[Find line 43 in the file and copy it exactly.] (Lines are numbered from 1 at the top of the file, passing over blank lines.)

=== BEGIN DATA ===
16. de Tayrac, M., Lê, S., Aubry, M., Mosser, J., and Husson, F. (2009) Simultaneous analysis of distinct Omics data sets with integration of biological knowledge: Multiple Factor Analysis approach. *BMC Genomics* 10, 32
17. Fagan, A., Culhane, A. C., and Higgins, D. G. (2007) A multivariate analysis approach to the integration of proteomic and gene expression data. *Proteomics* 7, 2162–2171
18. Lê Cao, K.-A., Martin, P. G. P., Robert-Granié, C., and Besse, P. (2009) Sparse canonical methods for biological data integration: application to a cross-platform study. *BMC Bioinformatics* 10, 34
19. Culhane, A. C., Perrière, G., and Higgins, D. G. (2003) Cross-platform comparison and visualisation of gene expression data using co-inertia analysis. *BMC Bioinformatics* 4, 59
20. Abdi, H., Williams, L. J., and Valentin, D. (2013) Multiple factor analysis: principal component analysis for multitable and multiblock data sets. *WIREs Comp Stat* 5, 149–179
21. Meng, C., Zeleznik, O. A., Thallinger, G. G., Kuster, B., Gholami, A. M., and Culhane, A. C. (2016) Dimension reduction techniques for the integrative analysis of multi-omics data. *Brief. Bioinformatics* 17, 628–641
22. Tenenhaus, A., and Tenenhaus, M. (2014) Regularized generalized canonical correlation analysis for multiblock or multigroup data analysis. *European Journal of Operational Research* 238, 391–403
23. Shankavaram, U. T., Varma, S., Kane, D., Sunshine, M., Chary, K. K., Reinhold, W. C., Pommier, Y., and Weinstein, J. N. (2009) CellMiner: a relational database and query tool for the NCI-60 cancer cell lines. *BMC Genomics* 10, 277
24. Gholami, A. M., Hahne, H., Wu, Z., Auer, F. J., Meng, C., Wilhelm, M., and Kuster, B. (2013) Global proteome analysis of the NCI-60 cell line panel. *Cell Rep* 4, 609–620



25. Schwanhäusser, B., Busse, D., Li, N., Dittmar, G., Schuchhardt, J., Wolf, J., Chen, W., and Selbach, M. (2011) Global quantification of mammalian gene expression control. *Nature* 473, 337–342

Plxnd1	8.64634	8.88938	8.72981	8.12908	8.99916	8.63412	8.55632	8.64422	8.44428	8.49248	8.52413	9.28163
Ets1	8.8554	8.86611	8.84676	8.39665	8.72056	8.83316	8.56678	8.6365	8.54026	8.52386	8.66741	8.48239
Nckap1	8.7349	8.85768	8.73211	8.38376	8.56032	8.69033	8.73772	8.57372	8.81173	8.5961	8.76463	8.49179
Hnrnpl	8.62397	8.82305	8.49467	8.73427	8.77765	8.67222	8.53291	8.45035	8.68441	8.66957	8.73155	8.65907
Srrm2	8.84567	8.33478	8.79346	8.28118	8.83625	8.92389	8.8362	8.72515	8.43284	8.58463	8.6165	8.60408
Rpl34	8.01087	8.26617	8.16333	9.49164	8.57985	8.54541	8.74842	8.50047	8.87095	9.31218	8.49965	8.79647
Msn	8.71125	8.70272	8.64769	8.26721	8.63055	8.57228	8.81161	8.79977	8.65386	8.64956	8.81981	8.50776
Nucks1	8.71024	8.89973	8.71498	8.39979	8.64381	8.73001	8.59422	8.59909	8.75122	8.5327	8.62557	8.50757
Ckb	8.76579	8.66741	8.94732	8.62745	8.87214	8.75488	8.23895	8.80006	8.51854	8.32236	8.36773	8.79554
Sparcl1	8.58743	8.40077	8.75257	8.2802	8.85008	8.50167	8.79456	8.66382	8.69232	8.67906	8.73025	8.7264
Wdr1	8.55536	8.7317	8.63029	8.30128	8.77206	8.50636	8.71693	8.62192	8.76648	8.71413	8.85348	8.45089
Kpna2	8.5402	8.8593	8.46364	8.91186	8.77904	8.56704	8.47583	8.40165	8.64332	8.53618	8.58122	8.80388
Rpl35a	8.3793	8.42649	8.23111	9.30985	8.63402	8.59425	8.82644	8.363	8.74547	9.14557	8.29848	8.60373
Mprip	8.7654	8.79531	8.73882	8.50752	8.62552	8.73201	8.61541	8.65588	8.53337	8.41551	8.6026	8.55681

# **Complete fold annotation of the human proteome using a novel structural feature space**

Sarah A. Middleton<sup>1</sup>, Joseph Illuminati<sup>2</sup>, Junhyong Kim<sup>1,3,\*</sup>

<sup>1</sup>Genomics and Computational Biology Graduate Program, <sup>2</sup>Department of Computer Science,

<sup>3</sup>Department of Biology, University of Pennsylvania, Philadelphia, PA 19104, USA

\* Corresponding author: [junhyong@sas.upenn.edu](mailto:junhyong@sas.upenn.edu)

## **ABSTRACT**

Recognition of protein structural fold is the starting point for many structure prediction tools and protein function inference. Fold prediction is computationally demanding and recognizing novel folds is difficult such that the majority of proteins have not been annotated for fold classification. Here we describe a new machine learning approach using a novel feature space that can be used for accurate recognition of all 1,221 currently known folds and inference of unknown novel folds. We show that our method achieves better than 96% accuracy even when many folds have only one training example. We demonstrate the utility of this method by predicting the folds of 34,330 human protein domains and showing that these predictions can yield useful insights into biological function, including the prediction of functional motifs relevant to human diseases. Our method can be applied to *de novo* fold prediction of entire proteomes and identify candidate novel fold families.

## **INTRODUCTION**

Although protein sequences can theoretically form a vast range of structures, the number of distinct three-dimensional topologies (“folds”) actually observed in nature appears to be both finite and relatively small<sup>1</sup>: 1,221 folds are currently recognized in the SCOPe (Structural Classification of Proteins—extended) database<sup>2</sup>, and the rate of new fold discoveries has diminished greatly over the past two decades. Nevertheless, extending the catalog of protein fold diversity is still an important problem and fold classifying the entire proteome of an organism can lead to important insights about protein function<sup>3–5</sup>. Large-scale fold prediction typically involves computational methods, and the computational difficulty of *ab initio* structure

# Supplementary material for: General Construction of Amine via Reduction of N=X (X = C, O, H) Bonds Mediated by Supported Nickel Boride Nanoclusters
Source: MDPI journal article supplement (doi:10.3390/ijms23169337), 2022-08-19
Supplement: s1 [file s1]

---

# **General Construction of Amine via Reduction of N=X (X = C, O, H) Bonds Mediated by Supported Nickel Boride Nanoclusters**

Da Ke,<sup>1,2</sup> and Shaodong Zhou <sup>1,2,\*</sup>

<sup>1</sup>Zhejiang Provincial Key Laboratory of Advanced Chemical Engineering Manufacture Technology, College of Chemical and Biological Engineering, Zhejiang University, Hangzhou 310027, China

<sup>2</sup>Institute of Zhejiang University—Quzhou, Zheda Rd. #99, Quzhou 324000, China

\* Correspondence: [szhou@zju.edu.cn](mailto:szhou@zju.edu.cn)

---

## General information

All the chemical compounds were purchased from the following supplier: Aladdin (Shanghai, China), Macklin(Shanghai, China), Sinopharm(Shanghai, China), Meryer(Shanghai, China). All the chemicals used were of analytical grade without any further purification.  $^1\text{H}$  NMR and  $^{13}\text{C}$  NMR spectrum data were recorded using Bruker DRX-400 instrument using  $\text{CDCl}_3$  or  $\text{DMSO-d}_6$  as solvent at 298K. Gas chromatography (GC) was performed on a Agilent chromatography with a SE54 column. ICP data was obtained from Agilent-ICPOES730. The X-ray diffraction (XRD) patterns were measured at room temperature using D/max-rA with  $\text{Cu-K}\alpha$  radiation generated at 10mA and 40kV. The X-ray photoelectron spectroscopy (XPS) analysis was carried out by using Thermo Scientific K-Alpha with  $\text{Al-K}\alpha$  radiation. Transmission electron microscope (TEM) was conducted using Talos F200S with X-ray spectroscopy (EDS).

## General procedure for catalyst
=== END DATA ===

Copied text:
---